The Gymnosperm Database


Growing leader on an ornamental sapling about 1 m. tall, near Auckland, New Zealand [C.J. Earle, 2003.03.12].


Foliage, 2 years old, on the above tree [C.J. Earle, 2003.03.12].


Range of Araucaria hunsteinii (de Laubenfels 1988).


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Conservation status 2010: protocol 2.3, needs updating

Araucaria hunsteinii

K. Schumann 1889

Common names

Klinki pine.

Taxonomic notes


A combined molecular, morphological, and fossil analysis places Araucaria hunsteinii into a clade with A. bidwillii, sister to a clade containing A. araucana and A. angustifolia, sister to a clade containing the rest of the species in Araucaria (Escapa and Catalano 2013).


"A pyramidal tree to 85 m. tall, to 3 m. in girth, becoming open and flat-topped with age. Bark dark brown, fissured, exfoliating in corky plates, resinous. Bark on branchlets deep red. Branchlets whorled. Juvenile leaves awl-shaped. Adult leaves lanceolate, 6-15 cm. long by 1-2 cm. wide, needle-like, flattened, attenuate, with linear venation, clustered near ends of branchlets. Male cones cylindrical, 20 cm. long by 1.8-2.5 cm. wide, microsporophylls lanceolate Female cone ovoid-oblong, 15-20 cm. long by 12.5 cm. wide, scales with small recurved bracts. Seeds triangular; nut to 2.5 cm. long , relatively narrow; wings broad to 2.5 cm. wide. Cotyledons 2, germination epigeal" (Silba 1986).

Distribution and Ecology

NE New Guinea: Bulolo Valley, 600-2000 m (Silba 1986).

Zone 10 (cold hardiness limit between -1°C and +4.4°C) (Bannister and Neuner 2001).

See also: the "Distribution and Ecology" section of A. cunninghamii var. papuana.

Big tree

There is a record of a tree 89 m tall (Carder 1995, de Laubenfels 1988). If this record is valid (I have seen no confirming evidence), this would rank it as one of the tallest trees in the world, and certainly the tallest in the Araucariaceae.






"In the Owen Stanley Mountains [of Papua New Guinea] a National Park shared between several Provinces (Central, Oro and Milne Bay) should be established. It should include the high altitude areas of the Owen Stanley Ranges, in particular Mts. Albert Edward, Tafa, Scratchley, Obree, Victory (local name: Kerorova), Dayman, and Suckling. The area is of exceptional biological interest with a great variety of plant and animal species. For example ... because of its natural stands of Hoop and Klinkii pine trees. In conclusion there are strong reasons to propose the Owen Stanley Ranges for World Heritage Area listing...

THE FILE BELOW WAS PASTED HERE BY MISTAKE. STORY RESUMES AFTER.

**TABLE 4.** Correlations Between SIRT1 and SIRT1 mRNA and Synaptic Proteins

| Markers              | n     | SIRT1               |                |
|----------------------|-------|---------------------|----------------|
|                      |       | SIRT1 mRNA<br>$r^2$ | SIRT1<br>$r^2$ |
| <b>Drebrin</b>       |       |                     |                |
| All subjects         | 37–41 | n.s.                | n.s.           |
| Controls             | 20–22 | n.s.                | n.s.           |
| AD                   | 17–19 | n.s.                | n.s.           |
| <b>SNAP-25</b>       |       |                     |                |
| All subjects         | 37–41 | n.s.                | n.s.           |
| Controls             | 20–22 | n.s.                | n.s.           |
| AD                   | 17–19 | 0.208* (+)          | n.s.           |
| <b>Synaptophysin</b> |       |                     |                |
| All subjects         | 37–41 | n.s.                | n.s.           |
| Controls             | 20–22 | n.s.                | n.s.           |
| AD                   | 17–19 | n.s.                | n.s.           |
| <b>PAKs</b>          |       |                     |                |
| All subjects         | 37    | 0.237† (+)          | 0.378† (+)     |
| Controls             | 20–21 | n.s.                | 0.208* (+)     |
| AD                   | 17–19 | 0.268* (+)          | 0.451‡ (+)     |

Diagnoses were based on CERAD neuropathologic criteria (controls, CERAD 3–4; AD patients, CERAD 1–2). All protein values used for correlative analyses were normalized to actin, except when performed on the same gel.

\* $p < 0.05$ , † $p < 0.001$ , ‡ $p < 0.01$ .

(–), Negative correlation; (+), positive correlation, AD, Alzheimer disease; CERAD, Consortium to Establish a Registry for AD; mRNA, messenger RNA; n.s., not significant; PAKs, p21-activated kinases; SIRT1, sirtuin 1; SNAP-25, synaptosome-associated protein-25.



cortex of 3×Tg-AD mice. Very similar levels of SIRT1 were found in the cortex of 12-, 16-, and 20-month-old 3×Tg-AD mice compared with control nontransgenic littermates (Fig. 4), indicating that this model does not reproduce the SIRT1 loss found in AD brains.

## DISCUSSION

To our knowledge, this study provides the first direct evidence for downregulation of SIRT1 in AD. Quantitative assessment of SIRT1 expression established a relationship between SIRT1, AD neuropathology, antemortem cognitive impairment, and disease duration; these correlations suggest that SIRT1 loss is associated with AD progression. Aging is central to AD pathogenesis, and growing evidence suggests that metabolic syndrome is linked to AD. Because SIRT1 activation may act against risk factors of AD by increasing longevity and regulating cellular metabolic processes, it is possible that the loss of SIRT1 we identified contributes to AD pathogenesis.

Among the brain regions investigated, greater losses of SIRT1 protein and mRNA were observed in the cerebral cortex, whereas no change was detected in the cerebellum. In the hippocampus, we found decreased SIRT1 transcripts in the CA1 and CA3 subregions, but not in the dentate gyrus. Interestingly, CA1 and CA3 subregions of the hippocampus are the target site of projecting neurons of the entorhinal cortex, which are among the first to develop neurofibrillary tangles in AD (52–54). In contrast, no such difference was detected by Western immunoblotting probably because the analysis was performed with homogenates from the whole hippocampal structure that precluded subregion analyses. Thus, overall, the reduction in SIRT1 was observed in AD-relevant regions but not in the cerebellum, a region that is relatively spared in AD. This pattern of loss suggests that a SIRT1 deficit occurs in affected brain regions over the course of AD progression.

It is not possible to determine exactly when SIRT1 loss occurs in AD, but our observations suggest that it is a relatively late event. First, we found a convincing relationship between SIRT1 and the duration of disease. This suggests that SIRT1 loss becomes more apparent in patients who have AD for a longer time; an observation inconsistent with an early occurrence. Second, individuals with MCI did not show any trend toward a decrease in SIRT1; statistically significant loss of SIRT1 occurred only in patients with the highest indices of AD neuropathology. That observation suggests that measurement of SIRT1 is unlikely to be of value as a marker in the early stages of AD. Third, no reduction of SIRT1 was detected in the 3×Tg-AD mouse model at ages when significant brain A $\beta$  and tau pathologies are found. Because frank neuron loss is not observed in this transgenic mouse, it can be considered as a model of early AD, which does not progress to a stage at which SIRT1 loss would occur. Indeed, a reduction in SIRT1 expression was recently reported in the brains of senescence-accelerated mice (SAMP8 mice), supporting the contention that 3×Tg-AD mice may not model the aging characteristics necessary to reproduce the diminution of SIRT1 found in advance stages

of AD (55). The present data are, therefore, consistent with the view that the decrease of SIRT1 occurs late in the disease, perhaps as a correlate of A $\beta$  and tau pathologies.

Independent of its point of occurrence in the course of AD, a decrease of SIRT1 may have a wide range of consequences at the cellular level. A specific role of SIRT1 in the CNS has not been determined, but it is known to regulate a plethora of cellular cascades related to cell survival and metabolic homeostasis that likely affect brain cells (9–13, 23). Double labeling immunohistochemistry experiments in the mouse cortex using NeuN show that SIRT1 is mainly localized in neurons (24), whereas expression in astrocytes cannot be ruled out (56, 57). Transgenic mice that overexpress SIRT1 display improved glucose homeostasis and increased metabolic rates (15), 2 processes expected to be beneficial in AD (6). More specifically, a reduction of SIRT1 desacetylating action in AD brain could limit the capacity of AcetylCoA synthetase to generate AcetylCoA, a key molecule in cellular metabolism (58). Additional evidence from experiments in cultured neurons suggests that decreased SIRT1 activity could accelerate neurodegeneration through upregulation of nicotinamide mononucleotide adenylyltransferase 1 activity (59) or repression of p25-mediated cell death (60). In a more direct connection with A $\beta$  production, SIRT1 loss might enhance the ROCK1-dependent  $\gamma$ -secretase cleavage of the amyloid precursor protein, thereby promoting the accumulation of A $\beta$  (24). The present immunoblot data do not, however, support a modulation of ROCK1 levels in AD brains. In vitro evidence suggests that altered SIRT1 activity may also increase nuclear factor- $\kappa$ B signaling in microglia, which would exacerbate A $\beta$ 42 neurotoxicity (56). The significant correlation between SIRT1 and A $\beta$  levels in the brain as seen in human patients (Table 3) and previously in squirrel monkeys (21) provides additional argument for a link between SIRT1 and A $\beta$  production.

"The Hunstein Mountains in East Sepik Province represent a biologically very diverse area which requires protection as a Reserve. ... The area is the type locality for Araucaria hunsteinii. It includes extensive stands of the endemic Kauri species (Agathis labillardieri ) which deserve protection. There is fear that the area might be logged to extract the Kauri, hence it is an important area for protection as soon as possible" (Filer 1991).


Escapa, I. H. and S. A. Catalano. 2013. Phylogenetic analysis of Araucariaceae: integrating molecules, morphology, and fossils. Int. J. Plant Sci. 174(8):1153–1170. DOI: 10.1086/672369.

See also

Enright, N.J. 1982. The ecology of Araucaria species in New Guinea. I. Ordination studies of forest types and environments. Australian Journal of Ecology 7(1): 23-38. Abstract: Previous studies of the ecology and regeneration strategies of Araucaria cunninghamii and A. hunsteinii in New Guinea rainforests have treated these species as ecologically identical and disagree concerning their ability to maintain a stable population size in forest communities dominated by angiosperms. Vegetation data from a number of 0.5 ha forest sites in New Guinea are analysed in order to characterize forest types and their environmental regimes in the altitudinal zone from 700 to 1500 m a.s.l. Particular attention is paid to forests containing Araucaria species. Subsequent regression of environmental data on the position of sites in ordination space shows that forest types are separated along gradients related to altitude and rainfall on the one hand, and soil nutrient concentrations on the other. A. cunninghamii is generally found in wetter and less nutrient-rich sites than A. hunsteinii. The analysis of species presence data, as opposed to quantitative data, shows that whilst forest types are easily differentiated according to their dominant species, changes in floristic composition are subtle along the altitudinal and other gradients recognized.

Enright, N.J. 1982. The ecology of Araucaria species in New Guinea. II. Pattern in the distribution of young and mature individuals and light requirements of seedlings. Australian Journal of Ecology 7(1):39-48. ABSTRACT: A. hunsteinii [is] a gap regenerator and A. cunninghamii a shade-tolerant species... A. hunsteinii is more dependent on high light intensity than A. cunninghamii for the production of biomass.

Enright, N.J. 1982. The ecology ofAraucaria species in New Guinea. III. Population dynamics of sample stands. Australian Journal of Ecology 7(3):227-237. ABSTRACT: Life table data for ... A. hunsteinii ... are presented. It is argued that A. hunsteinii is a gap regenerating species and cannot regenerate beneath a closed canopy.

Enright, N.J. 1982. Does Araucaria hunsteinii compete with its neighbours? Australian Journal of Ecology 7(1):97-99. ABSTRACT: A comparison of the proportion of total stand basal area contributed by A. hunsteinii ... suggest that A. hunsteinii avoids competition with other tree species. Several hypotheses which may explain this phenomenon are advanced.

Last Modified 2017-12-29